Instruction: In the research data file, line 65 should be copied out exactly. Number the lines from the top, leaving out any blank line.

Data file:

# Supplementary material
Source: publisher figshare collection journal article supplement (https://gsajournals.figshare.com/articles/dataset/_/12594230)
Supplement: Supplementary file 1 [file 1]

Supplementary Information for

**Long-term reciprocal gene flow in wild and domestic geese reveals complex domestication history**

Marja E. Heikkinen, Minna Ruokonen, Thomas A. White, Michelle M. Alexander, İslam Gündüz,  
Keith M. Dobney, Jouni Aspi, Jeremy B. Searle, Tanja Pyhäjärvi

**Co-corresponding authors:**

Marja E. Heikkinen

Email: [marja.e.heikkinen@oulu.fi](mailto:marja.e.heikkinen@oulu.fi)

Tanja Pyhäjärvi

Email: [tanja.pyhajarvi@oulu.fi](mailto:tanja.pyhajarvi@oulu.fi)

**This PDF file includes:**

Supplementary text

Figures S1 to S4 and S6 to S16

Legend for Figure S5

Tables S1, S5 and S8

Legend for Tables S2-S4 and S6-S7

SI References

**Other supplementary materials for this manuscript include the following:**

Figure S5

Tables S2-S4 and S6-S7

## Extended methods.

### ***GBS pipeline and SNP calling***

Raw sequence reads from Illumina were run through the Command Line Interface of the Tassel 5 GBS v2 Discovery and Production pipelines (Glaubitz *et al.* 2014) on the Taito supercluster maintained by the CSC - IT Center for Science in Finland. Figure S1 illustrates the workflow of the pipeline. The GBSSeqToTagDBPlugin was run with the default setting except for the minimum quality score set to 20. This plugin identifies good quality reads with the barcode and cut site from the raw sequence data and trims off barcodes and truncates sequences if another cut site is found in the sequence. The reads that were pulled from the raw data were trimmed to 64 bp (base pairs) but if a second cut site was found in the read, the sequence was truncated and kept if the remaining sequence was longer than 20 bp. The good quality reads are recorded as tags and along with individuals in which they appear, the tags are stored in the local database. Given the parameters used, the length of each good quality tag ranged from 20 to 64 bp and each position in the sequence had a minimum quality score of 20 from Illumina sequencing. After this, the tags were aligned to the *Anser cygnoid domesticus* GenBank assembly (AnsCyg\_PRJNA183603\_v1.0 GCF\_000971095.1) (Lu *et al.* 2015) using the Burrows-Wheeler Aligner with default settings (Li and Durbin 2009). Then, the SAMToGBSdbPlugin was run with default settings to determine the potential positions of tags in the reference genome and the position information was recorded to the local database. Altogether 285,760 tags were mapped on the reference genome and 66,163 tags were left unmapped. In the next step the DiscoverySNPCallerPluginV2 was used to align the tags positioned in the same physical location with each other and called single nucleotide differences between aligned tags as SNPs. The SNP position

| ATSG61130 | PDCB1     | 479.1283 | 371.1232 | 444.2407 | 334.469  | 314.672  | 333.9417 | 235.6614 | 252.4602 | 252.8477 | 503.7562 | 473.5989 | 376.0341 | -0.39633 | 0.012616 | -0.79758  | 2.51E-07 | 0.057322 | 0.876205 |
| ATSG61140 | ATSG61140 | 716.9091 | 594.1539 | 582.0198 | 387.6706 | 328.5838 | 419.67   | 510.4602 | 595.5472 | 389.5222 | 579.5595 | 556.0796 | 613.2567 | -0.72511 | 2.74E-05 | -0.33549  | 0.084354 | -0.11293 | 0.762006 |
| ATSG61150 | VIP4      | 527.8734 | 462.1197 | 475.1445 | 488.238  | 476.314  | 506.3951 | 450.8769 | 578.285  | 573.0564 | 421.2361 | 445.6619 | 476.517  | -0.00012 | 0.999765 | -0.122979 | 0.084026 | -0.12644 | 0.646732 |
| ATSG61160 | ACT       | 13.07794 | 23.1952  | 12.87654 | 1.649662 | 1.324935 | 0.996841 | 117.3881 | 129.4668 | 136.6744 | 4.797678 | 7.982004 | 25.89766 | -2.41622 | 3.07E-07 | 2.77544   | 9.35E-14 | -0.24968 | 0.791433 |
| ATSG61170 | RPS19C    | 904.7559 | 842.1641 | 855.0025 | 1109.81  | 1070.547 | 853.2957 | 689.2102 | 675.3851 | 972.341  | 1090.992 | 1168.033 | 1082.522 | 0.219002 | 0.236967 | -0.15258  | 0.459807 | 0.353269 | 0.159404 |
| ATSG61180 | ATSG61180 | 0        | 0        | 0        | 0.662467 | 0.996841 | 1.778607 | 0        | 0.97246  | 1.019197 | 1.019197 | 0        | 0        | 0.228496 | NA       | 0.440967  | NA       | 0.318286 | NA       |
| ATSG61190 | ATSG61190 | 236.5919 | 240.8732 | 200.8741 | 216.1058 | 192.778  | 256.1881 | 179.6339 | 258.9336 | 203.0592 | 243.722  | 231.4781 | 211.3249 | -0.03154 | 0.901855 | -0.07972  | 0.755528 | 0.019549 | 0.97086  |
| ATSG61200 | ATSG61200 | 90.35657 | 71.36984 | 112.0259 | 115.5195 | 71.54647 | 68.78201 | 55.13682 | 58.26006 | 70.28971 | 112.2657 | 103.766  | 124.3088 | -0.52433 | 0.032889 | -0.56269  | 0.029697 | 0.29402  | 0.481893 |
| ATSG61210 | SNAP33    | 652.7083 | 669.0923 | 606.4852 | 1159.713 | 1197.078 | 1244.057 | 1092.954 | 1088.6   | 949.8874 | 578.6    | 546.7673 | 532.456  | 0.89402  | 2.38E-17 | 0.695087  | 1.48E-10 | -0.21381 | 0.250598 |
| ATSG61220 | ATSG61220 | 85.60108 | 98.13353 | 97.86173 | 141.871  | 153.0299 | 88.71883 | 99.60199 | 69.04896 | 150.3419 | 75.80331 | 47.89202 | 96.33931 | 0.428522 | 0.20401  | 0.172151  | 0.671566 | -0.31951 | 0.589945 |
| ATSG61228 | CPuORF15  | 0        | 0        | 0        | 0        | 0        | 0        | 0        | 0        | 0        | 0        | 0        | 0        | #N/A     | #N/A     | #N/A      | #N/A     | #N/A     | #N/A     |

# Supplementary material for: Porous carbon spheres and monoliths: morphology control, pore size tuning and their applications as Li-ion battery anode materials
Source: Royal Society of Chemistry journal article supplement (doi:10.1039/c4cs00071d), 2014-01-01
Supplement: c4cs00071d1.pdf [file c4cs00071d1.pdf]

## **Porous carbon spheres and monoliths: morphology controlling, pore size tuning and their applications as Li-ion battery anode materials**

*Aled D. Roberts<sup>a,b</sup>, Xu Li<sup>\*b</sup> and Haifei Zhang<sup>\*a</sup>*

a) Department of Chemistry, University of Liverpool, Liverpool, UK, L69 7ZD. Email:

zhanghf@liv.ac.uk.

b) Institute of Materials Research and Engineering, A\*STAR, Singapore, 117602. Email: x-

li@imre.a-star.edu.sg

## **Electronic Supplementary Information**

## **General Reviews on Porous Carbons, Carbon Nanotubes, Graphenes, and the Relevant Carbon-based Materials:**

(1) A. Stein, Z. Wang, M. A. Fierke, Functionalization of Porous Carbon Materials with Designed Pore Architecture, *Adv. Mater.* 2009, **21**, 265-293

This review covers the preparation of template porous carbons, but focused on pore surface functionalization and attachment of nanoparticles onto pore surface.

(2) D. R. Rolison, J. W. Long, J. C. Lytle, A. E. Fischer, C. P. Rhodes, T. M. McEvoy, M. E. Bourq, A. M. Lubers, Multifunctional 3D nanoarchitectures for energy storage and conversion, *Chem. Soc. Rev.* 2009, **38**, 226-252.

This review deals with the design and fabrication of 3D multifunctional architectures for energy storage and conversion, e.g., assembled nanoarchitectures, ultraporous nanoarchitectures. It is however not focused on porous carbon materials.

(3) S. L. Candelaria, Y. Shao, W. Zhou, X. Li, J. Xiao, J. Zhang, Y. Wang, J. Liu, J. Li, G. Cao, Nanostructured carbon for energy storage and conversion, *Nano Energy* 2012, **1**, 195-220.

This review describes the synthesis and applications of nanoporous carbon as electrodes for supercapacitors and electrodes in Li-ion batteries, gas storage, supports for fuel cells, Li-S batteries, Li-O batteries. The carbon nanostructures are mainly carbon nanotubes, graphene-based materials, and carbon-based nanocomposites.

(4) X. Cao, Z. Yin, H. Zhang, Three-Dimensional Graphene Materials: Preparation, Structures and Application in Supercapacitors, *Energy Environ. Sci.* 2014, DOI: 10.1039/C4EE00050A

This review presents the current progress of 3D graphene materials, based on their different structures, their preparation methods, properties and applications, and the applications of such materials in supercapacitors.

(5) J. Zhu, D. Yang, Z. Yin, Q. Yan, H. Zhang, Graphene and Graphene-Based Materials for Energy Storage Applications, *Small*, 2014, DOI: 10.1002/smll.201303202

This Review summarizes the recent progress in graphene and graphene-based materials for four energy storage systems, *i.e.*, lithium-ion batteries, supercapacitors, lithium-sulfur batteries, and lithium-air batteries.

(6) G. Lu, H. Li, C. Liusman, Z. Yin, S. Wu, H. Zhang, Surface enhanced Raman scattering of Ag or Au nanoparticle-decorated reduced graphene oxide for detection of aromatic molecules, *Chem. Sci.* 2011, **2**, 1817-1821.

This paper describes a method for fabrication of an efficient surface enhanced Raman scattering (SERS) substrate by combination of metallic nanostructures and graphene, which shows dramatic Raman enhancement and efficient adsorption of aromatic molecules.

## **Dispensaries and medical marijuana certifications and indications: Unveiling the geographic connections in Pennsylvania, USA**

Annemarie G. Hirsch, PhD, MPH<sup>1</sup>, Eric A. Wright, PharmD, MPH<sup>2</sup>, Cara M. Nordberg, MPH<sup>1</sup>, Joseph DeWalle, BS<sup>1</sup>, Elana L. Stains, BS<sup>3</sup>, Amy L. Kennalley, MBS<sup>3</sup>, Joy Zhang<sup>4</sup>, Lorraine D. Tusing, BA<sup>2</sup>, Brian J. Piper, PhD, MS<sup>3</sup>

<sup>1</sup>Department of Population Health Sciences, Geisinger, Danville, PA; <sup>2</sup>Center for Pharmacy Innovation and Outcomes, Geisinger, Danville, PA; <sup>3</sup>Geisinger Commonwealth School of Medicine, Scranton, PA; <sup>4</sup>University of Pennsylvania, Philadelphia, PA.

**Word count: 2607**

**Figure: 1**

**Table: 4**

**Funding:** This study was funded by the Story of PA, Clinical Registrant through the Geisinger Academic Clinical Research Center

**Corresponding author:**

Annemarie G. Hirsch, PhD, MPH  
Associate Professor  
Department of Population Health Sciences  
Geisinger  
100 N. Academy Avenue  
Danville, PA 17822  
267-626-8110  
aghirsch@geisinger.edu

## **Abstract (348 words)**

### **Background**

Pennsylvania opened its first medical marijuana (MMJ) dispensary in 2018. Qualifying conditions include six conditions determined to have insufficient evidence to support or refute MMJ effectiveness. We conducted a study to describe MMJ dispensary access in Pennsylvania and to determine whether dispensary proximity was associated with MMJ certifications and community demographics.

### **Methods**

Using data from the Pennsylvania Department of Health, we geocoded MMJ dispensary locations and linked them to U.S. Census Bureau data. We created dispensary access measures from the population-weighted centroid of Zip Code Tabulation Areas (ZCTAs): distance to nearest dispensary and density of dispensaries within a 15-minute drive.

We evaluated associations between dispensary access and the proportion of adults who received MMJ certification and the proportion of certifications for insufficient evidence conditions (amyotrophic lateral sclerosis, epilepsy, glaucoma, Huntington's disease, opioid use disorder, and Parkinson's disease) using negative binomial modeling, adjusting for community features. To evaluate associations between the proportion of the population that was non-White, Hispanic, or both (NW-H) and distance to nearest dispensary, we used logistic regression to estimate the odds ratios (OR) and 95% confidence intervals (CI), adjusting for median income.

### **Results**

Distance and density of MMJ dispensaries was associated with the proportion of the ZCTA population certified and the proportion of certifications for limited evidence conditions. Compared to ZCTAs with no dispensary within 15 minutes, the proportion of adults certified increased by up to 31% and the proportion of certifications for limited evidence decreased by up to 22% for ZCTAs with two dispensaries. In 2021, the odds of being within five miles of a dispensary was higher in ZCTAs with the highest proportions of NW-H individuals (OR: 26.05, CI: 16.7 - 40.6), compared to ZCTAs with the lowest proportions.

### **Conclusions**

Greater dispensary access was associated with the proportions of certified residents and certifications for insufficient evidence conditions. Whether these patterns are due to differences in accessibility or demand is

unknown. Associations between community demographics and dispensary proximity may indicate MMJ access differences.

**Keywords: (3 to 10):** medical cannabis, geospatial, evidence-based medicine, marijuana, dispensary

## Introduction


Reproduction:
**Table: 4**